ROWLAND: It's very mixed, but there is certainly a lot of the misinformation component, and I think that is of particular concern. The number of people who don't engage in traditional media channels, for example, they take their advice from different people who've sent them information and they form their own judgments. So it really is across the board. But I will say this, I think that there has been a real struggle here for people of non English speaking backgrounds to get information about COVID safety, let alone about vaccination. And I mentioned in the Parliament, when you go to the vaccination checker, you can get information in Icelandic, but you can't get information in Tamil. And I have one of the highest proportions of Tamil speakers in all of Australia in my electorate.
CLENNELL: Now, Anthony Albanese has announced this policy of $300 per jab and I guess you're on the expenditure review committee for that. Why is it $300? Why not $100? $200? How did that magical figure come together?
ROWLAND: It was a combination of what would be a reasonable fiscal stimulus, but also, what people would consider to be a reasonable reward. And there's been a lot of different studies around the world already. So that figure was out there and sort of commensurate with some of those.
CLENNELL: Why didn't it go to the Shadow Cabinet or Caucus? Do you think the leader was worried about opposition in those forums, or leaking, or what was the reason?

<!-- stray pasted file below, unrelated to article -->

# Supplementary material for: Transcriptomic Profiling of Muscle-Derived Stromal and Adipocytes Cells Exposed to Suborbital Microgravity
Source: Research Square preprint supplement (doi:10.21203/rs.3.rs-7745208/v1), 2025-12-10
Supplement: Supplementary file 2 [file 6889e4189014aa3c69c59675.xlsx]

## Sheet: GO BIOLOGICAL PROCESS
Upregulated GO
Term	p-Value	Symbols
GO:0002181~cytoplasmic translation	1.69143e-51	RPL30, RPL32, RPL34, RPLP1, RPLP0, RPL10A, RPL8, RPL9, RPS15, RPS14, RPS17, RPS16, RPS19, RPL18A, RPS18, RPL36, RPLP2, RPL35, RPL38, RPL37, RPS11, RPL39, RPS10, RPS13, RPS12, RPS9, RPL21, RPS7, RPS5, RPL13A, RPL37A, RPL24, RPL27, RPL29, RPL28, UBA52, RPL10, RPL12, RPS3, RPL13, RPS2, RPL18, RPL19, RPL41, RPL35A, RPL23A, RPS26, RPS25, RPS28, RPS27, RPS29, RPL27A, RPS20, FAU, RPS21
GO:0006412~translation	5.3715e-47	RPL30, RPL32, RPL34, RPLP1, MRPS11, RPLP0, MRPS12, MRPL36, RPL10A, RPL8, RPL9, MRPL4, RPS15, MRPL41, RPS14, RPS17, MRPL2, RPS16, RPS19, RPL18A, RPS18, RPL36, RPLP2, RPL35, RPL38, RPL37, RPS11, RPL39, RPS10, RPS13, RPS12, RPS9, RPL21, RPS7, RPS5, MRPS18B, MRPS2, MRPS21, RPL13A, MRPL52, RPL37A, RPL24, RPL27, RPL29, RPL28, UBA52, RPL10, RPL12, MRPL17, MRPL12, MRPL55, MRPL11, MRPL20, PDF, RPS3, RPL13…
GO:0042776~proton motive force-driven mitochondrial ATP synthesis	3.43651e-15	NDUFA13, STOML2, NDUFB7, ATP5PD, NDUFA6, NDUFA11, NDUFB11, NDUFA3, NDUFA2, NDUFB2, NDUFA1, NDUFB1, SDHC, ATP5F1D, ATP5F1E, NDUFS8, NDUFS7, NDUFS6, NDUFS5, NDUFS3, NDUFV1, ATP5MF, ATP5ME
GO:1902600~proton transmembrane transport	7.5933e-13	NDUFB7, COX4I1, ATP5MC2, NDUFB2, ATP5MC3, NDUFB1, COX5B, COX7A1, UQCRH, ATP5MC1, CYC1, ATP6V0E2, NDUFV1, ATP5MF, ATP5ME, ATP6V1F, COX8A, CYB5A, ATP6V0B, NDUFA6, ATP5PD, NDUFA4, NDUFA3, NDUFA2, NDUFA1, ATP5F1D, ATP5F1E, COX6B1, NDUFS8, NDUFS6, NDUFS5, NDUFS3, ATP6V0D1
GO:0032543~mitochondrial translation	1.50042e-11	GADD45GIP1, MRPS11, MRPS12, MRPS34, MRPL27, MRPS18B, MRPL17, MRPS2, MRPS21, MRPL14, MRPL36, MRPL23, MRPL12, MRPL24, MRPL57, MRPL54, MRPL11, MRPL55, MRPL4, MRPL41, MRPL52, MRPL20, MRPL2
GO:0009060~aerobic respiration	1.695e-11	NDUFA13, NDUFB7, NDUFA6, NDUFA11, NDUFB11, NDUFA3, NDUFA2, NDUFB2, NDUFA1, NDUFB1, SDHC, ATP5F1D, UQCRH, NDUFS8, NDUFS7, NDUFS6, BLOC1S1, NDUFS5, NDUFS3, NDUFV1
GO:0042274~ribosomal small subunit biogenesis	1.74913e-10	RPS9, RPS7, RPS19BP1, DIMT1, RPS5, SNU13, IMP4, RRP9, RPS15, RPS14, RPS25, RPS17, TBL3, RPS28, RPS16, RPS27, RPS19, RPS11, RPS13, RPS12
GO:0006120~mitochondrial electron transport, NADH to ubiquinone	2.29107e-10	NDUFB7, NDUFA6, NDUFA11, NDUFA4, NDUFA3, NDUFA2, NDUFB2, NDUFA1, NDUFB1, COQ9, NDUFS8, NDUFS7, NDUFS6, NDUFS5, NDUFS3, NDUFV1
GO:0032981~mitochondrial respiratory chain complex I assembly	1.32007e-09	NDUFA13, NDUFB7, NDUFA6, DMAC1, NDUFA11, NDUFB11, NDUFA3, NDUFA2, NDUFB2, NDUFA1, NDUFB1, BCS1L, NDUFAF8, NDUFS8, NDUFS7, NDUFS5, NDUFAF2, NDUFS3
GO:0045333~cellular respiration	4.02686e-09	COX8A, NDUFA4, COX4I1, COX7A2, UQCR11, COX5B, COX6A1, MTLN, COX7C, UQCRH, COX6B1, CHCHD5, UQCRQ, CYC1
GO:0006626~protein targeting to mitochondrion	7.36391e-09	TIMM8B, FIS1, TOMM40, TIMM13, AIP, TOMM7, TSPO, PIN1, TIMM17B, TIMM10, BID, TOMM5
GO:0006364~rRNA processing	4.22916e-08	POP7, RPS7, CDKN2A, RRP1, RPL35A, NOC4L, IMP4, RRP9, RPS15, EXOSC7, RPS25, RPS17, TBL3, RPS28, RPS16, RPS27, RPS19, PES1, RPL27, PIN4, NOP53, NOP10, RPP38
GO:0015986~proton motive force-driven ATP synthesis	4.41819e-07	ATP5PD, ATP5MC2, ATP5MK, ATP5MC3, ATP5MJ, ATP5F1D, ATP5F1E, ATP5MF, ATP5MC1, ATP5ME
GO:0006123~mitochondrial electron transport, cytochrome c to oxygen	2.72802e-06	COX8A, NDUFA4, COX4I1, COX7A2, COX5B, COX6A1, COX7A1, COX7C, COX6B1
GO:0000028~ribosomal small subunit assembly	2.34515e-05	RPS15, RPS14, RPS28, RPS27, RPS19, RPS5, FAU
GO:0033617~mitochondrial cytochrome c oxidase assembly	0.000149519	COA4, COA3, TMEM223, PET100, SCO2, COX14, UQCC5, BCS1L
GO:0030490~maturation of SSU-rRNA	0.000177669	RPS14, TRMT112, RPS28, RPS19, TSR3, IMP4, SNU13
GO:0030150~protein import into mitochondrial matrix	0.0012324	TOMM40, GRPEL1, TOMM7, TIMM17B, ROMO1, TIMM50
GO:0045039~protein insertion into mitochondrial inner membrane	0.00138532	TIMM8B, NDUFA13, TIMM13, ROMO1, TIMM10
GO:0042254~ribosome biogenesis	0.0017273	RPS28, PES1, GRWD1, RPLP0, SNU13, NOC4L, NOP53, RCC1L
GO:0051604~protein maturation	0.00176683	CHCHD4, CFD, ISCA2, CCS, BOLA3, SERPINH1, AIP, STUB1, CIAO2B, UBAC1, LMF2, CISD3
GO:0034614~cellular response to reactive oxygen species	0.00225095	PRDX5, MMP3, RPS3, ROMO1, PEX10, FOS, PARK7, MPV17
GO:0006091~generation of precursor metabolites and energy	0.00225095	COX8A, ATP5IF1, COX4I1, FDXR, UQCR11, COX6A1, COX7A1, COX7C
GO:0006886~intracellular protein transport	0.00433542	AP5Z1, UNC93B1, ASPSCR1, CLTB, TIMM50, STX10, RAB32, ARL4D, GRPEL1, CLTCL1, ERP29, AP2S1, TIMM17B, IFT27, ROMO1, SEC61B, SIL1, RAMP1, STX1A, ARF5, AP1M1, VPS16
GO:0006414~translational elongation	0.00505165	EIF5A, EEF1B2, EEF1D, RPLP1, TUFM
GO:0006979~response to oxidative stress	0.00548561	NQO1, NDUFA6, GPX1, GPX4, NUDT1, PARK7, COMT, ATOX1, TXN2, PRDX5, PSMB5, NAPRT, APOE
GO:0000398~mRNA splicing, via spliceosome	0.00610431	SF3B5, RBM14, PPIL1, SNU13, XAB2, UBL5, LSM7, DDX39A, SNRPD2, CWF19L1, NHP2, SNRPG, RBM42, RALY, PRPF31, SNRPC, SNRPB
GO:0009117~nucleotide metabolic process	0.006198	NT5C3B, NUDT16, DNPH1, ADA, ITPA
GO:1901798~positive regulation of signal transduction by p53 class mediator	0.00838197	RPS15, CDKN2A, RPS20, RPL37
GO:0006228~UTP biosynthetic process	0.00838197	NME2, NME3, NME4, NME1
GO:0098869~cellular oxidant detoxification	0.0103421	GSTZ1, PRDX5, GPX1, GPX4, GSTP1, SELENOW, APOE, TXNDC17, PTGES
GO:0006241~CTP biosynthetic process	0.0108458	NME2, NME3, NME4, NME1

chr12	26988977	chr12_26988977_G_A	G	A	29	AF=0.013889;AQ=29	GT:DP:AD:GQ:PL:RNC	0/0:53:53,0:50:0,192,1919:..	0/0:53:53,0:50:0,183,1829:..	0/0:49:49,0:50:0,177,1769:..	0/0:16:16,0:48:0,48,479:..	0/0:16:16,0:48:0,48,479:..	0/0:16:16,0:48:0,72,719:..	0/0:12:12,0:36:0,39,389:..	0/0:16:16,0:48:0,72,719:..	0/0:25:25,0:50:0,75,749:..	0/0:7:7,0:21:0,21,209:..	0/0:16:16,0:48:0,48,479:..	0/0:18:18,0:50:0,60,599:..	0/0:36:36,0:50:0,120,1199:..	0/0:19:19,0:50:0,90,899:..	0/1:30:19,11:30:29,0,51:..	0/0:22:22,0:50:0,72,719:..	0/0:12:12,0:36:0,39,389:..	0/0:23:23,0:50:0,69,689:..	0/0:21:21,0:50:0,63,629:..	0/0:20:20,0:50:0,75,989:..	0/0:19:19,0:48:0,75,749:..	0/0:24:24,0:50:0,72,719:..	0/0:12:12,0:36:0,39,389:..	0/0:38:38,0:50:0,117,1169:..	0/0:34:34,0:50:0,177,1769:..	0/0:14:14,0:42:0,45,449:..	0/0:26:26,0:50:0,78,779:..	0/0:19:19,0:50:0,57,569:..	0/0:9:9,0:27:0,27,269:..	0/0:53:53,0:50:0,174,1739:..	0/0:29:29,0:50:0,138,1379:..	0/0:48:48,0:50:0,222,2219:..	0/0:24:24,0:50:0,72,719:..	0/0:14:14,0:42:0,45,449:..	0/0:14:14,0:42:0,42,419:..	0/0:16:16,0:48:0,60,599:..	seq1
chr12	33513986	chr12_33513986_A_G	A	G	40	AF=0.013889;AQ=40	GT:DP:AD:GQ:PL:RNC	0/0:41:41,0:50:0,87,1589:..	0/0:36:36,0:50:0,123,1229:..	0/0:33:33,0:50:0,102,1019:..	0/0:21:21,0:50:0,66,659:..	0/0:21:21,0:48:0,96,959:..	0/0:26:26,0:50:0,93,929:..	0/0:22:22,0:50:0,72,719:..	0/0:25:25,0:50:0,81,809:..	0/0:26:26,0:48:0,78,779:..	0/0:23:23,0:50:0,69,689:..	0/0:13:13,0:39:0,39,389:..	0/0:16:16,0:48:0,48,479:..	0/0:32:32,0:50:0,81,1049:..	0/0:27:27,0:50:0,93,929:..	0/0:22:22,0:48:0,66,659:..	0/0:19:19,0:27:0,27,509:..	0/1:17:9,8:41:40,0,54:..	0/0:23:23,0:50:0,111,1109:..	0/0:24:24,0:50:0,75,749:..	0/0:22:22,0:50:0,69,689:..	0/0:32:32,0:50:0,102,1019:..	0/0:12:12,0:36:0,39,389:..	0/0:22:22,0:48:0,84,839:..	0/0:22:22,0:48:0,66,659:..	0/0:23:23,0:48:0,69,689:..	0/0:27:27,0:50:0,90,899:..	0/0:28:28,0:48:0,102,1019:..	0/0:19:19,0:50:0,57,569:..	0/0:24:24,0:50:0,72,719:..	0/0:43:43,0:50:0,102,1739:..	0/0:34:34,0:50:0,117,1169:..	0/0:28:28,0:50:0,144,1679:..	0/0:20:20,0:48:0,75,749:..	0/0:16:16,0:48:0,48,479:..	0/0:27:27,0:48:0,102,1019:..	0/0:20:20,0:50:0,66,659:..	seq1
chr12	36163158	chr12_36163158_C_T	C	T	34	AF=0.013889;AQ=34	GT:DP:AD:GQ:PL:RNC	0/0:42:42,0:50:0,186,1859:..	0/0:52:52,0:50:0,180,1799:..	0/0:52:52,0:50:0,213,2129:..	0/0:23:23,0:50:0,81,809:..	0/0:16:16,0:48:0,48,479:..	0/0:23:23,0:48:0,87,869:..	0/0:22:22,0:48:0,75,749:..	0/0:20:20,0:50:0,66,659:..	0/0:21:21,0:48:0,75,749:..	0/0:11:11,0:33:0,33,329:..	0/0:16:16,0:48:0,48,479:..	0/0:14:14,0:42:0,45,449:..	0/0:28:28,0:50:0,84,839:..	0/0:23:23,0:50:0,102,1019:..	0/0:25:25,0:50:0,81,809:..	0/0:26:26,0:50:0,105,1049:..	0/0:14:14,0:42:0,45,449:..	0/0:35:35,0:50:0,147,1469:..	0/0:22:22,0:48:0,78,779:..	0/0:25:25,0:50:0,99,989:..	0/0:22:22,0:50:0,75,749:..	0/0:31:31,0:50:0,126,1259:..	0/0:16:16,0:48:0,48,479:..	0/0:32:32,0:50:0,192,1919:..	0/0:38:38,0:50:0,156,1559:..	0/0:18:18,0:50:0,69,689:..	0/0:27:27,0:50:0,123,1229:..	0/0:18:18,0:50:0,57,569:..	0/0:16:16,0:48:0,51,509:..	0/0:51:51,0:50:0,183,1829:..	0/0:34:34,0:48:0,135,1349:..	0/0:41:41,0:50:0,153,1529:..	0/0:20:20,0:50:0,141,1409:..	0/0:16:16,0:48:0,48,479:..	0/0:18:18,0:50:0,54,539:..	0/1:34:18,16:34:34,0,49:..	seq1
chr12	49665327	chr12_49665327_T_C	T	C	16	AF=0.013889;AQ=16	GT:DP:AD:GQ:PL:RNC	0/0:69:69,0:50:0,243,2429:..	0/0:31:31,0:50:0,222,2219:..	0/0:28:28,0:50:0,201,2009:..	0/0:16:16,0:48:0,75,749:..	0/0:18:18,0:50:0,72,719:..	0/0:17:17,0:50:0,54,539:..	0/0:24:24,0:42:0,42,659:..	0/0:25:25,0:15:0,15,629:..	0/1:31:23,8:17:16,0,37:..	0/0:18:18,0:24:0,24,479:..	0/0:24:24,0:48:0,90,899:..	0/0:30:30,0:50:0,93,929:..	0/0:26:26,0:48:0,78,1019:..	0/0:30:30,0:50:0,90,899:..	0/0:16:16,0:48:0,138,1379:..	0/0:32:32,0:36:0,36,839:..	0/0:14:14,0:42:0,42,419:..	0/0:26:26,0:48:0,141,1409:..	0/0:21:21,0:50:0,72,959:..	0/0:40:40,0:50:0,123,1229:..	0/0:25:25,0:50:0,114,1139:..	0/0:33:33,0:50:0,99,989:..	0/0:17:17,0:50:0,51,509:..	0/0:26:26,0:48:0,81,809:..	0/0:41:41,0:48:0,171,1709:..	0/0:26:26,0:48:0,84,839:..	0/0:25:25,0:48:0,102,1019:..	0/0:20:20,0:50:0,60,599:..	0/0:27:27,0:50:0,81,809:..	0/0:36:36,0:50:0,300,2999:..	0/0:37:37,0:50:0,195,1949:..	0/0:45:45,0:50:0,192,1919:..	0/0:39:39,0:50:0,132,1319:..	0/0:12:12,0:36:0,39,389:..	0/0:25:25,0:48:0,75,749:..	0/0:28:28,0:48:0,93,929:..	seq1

ROWLAND: Not at all. And I think at times like this, you need to show some leadership on an issue and the leadership Anthony Albanese has shown here is to say I want to start a conversation. I want to put forward a constructive proposal. And we know that Grattan is looking at lotteries, for example, and that hasn't been ruled out by the Government. But I think it's clear that we need to be talking and we need to have a serious discussion about every opportunity available, about every lever that can be pulled, to get that vaccination rate up and to reach that target as soon as possible.
CLENNELL: And finally, I just wanted to ask you about the payout to Christine Holgate, a million dollars. The Australia Post saga - what do you make of the end result of this? I guess it started out with action you and Kimberly Kitching took in estimates. Did you ever think it would turn into this?
ROWLAND: Well Labor was doing its job here, of course, exactly as Ms Holgate said of asking questions, and scrutinising the expenditure of public money. But let's be very clear Andrew - where this started was the juvenile and premeditated act of the Prime Minister to spew those words forth on the floor of the Parliament, effectively sacking Ms Holgate in October last year. That is what has cost the taxpayer $1.1 million.
CLENNELL: Well, do you think she should still be in the job?
ROWLAND: I think there are, if you were to apply due process, she very well could have still been in the job. That's the whole point here. The Board didn't do its job. The Board is still there. The Board is a dysfunctional swamp of Liberal Party hacks. But still it is Ms Holgate, who ended up losing her job.
CLENNELL: What action should have been taken over the watches then? Clearly you didn't approve of that purchase. Should she just have been wrapped over the knuckles? Or what should have occurred?
ROWLAND: Due process should have been applied. And there was a Government initiated review of this, and also we had a Senate inquiry into this. But let's be clear - all of those things may have happened - but what was the real catalyst for where we are today is the Prime Minister effectively sacking Ms Holgate on the floor of the Parliament. She made that quite clear in her evidence at a later time as well.
CLENNELL: Michelle Rowland, thanks for your time.
ROWLAND: My pleasure, stay safe.